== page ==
In northern France, the enclosure I is built around the house, farm buildings, barns, stables, pigsty, henhouse, and the garden — this is the courtil. The enclosure II is much larger and is called the plant (planted pasture).
A system of type I and II nested enclosures from the Gallic era, which have reappeared thanks to traces of dew remaining in ancient ditches. Soues (Somme).
As soon as aerial prospecting began, use of the airplane revealed very different types of ancient enclosures. Small and very small enclosures, round or square in shape, are ritual and above all funerary enclosures. Large networks of enclosures cover much more land and are often irregularly-shaped; they can be as large as a hectare, and even larger. Of these large enclosures, some are simple and delimited by a single ditch. On the other hand, others are highly complex with multiple ditches demarcating enclosures that are nested and sometimes intertwined. These "enclosure networks" are reminiscent of those belonging to large, traditional farms that are still visible today in the French countryside, especially since they are the same size — and one can see a number of pits both inside and outside. In the immediate vicinity, one can also observe pastures enclosed by hedges, small pits, and overgrown paths. Certainly one is struck by the astonishing similarity of the overall layout of the nested enclosures, whether in a recent farm or in ancient, leveled structures that reappear thanks to the morning dew. One could imagine that one was in the presence of "native farms", isolated and close in structure to more recent traditional farms. This hypothesis was put forward in 1970 (Agache, 1970), and from the initial excavation, the more elaborate of these structures were identified as aedificia.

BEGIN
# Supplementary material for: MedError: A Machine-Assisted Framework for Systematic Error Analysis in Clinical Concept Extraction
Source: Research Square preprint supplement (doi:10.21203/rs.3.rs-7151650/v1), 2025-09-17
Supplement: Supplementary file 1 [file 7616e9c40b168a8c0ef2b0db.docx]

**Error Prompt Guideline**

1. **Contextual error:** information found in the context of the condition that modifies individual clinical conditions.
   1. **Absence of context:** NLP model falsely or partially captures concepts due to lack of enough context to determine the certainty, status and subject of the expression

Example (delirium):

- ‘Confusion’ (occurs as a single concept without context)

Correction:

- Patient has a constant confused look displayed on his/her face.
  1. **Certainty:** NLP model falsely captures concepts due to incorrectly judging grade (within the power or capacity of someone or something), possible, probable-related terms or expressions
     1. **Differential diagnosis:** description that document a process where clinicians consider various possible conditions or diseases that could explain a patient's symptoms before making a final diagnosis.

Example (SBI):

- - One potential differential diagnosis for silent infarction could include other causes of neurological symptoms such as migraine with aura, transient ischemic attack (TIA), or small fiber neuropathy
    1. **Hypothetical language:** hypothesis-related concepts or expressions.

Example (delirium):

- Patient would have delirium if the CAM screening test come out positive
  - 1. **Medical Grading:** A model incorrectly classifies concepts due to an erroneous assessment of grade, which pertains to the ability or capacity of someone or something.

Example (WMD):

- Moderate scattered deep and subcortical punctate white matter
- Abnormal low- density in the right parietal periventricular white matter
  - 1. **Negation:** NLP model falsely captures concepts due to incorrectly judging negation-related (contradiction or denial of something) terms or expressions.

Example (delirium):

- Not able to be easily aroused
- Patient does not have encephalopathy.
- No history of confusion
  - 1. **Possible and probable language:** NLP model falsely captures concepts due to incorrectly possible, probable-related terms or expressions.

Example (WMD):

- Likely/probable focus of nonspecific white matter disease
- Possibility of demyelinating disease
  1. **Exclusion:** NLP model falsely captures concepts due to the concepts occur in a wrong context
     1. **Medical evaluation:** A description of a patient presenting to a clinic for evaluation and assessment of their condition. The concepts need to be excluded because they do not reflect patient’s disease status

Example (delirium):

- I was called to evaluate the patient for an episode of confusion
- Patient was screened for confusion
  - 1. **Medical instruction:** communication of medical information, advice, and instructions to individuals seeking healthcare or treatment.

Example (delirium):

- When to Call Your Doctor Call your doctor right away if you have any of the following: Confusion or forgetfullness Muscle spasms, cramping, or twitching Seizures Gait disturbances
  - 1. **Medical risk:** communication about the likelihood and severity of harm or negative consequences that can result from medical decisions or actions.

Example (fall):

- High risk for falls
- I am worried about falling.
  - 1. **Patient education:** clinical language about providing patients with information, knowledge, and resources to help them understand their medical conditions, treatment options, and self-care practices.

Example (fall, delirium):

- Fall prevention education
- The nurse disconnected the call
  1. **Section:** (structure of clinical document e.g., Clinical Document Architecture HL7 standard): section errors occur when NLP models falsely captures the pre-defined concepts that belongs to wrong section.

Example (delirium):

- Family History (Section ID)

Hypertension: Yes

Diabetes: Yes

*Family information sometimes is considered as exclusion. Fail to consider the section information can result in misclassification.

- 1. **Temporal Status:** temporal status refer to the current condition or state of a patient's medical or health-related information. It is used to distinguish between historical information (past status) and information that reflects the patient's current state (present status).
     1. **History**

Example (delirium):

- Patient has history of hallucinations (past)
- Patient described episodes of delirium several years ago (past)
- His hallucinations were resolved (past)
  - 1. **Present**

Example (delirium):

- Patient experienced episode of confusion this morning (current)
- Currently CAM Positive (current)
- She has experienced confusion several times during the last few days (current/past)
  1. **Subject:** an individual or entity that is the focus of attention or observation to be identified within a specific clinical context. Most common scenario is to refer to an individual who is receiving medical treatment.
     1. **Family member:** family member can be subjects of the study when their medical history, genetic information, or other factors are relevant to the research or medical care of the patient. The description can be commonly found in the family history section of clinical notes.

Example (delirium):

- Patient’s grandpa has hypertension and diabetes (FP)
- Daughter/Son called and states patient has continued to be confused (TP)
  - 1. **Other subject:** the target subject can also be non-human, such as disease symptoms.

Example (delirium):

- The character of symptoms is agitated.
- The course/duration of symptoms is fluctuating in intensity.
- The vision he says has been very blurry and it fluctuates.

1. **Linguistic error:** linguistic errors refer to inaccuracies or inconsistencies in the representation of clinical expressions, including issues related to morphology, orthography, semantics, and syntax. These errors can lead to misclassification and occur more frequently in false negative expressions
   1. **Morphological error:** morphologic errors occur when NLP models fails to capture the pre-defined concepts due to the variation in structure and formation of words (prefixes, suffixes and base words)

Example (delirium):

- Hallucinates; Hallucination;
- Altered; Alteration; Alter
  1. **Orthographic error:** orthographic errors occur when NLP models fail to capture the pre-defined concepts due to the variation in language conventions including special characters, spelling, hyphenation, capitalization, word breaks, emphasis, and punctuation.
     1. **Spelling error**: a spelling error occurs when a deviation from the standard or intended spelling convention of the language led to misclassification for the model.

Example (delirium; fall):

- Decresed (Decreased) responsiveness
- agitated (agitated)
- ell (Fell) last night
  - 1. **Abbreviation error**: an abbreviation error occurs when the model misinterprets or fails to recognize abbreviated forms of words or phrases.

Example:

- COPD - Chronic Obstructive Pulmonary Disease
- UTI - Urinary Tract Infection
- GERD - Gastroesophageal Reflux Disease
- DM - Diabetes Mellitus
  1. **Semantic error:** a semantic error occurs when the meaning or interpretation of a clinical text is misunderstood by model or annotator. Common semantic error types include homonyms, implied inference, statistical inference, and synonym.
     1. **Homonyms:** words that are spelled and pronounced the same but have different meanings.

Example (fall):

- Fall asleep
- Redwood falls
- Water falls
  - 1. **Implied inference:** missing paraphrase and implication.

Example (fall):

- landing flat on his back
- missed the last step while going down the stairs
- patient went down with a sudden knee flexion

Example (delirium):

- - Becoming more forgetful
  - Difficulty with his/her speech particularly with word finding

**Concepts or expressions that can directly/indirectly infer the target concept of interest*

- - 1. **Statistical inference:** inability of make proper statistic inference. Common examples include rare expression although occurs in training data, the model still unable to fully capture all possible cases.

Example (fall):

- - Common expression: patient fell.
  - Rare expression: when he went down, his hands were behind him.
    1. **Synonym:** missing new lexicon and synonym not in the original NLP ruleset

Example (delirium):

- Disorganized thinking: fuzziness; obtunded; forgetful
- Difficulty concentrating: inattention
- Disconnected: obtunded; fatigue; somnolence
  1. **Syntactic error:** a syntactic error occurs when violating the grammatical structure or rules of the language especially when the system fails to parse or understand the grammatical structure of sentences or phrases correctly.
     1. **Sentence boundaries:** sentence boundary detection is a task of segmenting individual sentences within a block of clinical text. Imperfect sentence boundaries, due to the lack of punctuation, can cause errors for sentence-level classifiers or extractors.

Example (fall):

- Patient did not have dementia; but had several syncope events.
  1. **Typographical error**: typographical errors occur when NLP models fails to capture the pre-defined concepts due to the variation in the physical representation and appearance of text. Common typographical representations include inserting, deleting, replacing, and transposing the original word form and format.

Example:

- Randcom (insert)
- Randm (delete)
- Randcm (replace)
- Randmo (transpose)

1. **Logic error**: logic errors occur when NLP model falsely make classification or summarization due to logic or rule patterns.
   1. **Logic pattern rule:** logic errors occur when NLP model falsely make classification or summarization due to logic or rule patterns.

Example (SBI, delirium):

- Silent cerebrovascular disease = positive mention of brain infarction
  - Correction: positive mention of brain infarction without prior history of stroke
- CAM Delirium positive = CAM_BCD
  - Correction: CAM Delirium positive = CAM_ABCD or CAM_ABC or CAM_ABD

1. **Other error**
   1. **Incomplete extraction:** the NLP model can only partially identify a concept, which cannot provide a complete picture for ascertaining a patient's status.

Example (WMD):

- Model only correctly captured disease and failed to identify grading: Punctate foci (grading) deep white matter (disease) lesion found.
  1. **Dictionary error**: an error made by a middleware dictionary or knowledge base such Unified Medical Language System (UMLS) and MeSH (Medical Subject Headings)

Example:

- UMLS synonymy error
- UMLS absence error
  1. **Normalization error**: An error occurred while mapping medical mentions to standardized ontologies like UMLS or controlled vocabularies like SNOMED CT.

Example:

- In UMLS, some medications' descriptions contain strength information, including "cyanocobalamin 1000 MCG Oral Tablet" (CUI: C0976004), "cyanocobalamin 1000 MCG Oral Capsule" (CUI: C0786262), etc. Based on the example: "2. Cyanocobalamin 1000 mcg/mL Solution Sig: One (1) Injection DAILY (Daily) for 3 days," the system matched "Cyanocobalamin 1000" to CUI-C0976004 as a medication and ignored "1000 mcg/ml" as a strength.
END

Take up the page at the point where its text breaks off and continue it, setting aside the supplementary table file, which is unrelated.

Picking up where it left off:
Since then, vast archaeological digs have been carried out, particularly rescue operations along the paths of train lines and motorways under construction. A number of these vast nested enclosures have been thoroughly excavated, and there is no doubt that most of them belong to protohistoric farms, even if chronologically they extend from the First Iron Age at least as far as the second century CE.